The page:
Breast papillomas are wart-like growths in a breast duct (see Figure 1). They are always benign (not cancer). You can have 1 or more papillomas in a duct or in the breasts. Breast papillomas are usually painless. There are no known causes and no risk factors linked to breast papillomas.
A papilloma attaches to the lining of a breast duct by a stalk. Papillomas that are large enough can block the duct.
You may or may not be able to feel a breast papilloma. Breast papillomas are often found behind the nipple but they can be found elsewhere in the breast. The most common sign of a breast papilloma is a sudden and unexpected bloody discharge from the nipple. They may also cause a clear, yellowish, rusty-coloured or red discharge from the nipple.
Breast papillomas most often affect women between the ages of 35 and 50. Women closer to menopause tend to have 1 papilloma, while younger women are more likely to have many papillomas in 1 or both breasts.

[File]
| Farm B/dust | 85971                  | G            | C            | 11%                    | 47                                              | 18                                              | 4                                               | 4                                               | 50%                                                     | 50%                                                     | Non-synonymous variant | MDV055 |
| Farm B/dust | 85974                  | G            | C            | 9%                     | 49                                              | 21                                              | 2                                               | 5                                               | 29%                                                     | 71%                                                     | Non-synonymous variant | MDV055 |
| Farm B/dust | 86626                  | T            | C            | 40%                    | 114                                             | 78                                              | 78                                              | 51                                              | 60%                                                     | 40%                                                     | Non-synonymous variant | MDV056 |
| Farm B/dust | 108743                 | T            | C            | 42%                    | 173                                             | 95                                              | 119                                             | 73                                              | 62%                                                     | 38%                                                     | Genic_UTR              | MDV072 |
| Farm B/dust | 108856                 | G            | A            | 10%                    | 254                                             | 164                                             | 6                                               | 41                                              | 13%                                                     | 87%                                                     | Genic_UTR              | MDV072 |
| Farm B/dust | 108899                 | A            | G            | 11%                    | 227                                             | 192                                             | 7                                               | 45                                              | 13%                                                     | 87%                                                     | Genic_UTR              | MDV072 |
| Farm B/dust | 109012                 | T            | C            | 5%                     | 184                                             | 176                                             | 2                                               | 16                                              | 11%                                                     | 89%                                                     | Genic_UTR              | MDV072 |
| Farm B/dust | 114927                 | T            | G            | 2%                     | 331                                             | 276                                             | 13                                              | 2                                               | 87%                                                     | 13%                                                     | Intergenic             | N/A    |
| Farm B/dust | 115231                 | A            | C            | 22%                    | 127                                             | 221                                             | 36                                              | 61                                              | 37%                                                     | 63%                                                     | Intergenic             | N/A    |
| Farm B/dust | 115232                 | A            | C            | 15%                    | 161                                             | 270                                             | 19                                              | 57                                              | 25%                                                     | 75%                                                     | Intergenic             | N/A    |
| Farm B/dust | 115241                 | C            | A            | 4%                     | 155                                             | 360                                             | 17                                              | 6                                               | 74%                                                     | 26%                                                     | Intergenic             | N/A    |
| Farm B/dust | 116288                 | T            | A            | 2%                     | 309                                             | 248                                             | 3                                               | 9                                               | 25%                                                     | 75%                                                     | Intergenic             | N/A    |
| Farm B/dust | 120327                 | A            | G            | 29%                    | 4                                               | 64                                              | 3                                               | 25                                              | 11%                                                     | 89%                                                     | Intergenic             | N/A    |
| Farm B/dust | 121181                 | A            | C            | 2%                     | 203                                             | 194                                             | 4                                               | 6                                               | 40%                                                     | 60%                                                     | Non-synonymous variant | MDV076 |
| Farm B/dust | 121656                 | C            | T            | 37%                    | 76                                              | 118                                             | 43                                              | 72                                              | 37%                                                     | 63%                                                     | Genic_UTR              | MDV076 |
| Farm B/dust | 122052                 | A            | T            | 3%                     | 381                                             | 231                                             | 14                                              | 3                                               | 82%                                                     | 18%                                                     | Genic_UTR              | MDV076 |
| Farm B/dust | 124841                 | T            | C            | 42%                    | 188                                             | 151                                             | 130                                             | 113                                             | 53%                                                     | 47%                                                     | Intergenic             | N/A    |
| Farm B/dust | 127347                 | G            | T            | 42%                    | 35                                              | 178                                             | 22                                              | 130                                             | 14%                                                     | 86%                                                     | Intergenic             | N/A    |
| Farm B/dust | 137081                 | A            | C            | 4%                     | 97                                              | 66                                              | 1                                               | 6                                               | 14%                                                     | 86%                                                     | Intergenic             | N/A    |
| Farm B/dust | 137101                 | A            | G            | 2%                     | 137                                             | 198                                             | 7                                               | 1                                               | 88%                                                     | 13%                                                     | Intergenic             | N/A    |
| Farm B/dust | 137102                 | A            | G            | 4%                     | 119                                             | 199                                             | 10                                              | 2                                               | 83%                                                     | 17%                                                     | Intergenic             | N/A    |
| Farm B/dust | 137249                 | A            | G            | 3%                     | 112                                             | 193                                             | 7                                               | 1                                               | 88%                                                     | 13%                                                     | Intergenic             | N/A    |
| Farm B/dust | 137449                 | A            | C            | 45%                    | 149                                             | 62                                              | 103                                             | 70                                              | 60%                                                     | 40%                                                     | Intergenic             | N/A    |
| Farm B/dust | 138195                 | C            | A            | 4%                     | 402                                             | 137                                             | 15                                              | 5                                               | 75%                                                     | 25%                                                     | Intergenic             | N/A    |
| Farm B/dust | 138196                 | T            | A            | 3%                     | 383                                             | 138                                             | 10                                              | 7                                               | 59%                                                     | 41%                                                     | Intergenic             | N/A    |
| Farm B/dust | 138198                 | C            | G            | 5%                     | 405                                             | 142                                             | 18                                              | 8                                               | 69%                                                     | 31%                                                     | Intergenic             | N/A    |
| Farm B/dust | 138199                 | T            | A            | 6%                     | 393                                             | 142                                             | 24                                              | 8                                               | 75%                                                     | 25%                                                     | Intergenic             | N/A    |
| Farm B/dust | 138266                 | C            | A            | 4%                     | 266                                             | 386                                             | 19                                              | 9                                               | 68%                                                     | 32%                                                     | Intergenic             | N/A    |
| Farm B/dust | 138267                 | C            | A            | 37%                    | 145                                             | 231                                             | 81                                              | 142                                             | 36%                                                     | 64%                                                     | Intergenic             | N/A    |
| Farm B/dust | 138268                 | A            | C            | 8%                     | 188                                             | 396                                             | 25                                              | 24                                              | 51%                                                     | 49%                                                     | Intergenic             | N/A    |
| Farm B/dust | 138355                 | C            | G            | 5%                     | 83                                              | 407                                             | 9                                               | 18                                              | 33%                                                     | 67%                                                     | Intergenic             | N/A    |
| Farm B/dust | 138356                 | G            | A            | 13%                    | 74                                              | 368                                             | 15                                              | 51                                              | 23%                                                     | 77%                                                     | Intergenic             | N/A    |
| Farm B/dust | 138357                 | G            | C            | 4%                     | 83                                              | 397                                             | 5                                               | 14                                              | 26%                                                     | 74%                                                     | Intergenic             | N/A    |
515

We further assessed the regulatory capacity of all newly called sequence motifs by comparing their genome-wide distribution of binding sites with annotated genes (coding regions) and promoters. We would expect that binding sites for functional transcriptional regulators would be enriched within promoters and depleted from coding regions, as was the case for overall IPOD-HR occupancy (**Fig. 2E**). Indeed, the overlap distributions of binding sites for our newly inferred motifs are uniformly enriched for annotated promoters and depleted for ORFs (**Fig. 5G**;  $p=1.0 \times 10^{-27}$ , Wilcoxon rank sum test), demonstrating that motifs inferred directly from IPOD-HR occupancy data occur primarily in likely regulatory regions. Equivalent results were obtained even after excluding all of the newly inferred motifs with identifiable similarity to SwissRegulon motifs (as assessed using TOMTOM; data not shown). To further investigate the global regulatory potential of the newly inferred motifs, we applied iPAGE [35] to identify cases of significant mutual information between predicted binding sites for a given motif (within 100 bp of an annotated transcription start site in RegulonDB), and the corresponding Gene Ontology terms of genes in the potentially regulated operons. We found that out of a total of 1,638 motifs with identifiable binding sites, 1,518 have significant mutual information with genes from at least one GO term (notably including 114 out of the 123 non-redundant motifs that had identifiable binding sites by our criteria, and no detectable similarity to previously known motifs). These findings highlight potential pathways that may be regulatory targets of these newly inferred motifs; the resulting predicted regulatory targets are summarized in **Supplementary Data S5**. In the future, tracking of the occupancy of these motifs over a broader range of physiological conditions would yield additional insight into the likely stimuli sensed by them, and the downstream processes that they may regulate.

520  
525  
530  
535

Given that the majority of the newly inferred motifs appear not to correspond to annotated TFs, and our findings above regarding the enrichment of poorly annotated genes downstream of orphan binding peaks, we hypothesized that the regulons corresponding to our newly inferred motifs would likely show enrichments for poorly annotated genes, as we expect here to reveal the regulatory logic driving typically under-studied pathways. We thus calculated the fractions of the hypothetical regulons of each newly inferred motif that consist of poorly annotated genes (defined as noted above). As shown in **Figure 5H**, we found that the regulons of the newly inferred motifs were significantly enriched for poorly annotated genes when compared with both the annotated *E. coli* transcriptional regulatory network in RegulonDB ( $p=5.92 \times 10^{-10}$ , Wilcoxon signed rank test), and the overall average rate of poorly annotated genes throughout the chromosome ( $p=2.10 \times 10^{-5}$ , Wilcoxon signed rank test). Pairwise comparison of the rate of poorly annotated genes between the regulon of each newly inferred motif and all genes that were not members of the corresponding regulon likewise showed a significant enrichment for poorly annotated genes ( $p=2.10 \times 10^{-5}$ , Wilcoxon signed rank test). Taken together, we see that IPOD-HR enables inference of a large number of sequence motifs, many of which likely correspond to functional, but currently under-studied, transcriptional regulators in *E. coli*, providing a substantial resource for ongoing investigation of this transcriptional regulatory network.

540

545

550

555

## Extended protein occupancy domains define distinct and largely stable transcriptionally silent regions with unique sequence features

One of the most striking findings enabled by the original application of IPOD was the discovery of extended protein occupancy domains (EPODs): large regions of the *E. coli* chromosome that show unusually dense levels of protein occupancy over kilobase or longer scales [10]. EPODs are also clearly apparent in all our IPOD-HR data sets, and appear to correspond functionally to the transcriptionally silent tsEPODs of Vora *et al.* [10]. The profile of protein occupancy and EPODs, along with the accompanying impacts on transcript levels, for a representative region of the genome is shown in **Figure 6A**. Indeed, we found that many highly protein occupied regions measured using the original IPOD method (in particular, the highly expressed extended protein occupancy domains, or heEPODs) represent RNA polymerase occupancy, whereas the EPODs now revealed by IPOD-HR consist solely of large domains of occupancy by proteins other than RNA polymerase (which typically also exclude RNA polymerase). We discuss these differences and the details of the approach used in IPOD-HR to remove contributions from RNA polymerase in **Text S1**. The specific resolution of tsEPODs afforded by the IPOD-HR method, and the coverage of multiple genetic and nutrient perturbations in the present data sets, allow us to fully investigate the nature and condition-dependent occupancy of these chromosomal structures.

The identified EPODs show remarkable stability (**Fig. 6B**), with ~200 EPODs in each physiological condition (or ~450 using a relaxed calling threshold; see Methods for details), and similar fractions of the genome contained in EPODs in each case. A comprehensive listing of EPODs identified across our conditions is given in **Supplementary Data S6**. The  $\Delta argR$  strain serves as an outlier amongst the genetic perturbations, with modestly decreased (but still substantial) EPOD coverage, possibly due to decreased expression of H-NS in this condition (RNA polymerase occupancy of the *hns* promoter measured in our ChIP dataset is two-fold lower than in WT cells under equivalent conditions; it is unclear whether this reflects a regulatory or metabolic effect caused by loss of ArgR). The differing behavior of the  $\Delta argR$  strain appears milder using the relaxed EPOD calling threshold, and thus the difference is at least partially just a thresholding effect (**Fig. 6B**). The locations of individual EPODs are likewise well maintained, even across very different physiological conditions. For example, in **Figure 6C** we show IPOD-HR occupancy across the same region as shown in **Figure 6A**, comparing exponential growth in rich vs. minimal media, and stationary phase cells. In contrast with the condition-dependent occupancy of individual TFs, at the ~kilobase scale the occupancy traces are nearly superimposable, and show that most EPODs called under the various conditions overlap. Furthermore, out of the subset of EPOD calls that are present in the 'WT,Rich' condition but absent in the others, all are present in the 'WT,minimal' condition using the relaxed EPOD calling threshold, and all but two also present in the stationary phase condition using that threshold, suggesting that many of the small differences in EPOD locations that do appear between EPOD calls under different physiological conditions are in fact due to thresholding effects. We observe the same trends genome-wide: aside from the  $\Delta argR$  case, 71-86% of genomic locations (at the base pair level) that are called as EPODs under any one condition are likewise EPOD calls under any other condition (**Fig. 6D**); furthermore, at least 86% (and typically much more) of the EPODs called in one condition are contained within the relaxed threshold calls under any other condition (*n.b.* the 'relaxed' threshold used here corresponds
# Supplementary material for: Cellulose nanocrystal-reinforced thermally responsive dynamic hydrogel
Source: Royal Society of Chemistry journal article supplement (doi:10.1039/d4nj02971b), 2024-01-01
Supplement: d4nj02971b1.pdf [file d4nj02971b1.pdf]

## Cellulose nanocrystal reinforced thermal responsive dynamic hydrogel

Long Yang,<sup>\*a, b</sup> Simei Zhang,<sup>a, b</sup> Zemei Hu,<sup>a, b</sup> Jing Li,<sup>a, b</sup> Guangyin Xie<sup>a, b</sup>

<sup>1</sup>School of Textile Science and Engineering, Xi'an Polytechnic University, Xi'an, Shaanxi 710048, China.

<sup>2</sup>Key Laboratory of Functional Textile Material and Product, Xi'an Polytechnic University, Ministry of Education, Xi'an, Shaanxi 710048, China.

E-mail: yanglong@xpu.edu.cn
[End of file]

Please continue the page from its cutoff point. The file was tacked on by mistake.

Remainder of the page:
Breast papillomas are diagnosed most commonly with an ultrasound and less commonly by a special x-ray called a galactogram.
Not all breast papillomas need to be removed by surgery. If surgery is needed, the duct and the papilloma are removed through a small cut made near the nipple and areola (the dark area around the nipple) or elsewhere on the breast as needed. You will have a local anesthetic to freeze the area before the cut is made. After the duct and papilloma are removed, they are sent to the lab to confirm that the growth is a papilloma.
The surgeon will share the results of the test with you once they come back from the lab. At this time, the surgeon will let you know if you need any further care or treatment.
Current as of: May 24, 2018
Author: Women’s Health, Alberta Health Services
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